There is a remarkable two page photograph in the NY Times Magazine (2/13/2011); the stone interior of a dim church, seven worshippers bundled in their winter coats dispersed among the pews, a sharp shaft of light descending on a balding, middle aged man, his puff-parka arms clenched tight to his body, his face twisted in deep frown. The subsequent story is about the sex abuse scandal of priests in Ireland, that most Catholic of countries, and the havoc they are wrecking.
My mind flashed back a decade, to the days when the focus of the clergy abuse scandals was here in Boston, when every morning the Globe’s front page announced new revelations, new abuses, deeper cover-ups.
I do not believe I was ever abused. However, one morning, reading a lurid story that I could barely stomach yet not put down, the scent of the sacristy immediately after Mass filled my soul. Forty years evaporated and I was a child of seven in a black cassock with a lace tunic, standing before the priest offering him the glass cruets with whatever water and wine remained. The rituals of the sacristy were just as prescribed as Mass itself. The priest accepted my offering. He drank whatever was left in each vessel, lifted a linen cloth and wiped each clean, dried them, placed them on a shelf, the same spot every time. I stood quiet. I watched every move. Housekeeping done, the priest turned to me. “May I have your blessing, Father?” I kneeled. He placed his hands on my head. “Bless you in the name of the Father and of the Son and of the Holy Ghost.” The pressure on my skull was deep, I buckled at the waist. The room was silent, the congregation departed, the air thick with wafting streams of snuffed candles. The priest’s hands were warm and firm. I was secure, the chosen, the fortunate altar boy offered a glimpse of the sacred. God was touching me. And if the priest had any inclination to touch me further, I would have offered no resistance.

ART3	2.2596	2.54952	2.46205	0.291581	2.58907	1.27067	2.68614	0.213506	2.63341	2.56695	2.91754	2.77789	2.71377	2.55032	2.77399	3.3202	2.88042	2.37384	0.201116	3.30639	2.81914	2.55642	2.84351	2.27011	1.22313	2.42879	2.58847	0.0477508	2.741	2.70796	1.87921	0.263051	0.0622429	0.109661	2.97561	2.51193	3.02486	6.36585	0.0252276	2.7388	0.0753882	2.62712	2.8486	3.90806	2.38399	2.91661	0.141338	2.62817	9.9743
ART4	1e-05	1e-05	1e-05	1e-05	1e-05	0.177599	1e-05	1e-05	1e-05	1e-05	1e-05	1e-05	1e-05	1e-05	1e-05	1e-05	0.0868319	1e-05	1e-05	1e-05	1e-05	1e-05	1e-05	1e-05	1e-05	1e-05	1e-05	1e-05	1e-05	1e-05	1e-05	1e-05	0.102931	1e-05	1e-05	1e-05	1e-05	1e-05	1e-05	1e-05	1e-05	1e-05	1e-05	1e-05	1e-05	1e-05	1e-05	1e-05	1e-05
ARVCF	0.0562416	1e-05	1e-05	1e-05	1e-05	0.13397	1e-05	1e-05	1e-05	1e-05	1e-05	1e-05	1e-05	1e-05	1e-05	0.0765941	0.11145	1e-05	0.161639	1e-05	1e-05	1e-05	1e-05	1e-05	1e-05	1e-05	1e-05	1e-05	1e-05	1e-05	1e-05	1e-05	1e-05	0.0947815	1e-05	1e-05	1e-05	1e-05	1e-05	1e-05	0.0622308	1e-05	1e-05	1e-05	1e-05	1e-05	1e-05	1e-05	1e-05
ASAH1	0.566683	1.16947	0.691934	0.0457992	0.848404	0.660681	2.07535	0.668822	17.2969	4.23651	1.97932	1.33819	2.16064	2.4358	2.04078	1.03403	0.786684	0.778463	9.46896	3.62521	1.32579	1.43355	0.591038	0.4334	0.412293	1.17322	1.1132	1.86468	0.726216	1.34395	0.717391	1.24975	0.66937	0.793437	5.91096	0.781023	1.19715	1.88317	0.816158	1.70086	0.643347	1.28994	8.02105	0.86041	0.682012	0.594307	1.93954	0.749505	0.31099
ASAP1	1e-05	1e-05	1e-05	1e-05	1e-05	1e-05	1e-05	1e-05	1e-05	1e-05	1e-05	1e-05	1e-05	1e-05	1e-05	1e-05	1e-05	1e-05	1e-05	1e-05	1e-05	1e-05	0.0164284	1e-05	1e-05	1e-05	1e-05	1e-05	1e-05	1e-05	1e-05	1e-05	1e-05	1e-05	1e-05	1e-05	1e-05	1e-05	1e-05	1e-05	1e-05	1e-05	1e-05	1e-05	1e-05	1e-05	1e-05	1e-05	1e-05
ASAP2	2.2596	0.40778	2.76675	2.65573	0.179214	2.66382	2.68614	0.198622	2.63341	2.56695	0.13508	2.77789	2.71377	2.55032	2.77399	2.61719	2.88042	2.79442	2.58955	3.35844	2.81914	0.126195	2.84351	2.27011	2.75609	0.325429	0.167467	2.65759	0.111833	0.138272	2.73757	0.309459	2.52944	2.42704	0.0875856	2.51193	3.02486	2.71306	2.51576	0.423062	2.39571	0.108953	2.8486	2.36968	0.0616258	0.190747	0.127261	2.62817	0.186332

After that flash of memory, I understood the scandal in a deeper way. The crimes of the perpetrators are horrific. But given the power they held over us, the power we yielded to them, the scars from the crimes are etched deeper then even the physical penetration.
So now, finally, it is Ireland’s turn to dredge up the crimes of men against children in sacristies and rectories. I say finally because Ireland is almost the end of the line. There is no place more Catholic than Ireland, except perhaps the Vatican itself. And I feel quite sure that even there, the day of reckoning will come.
I wrote a WBUR commentary about a seminarian I met during the height of the clergy abuse scandal in Boston. I have posted it as a companion piece.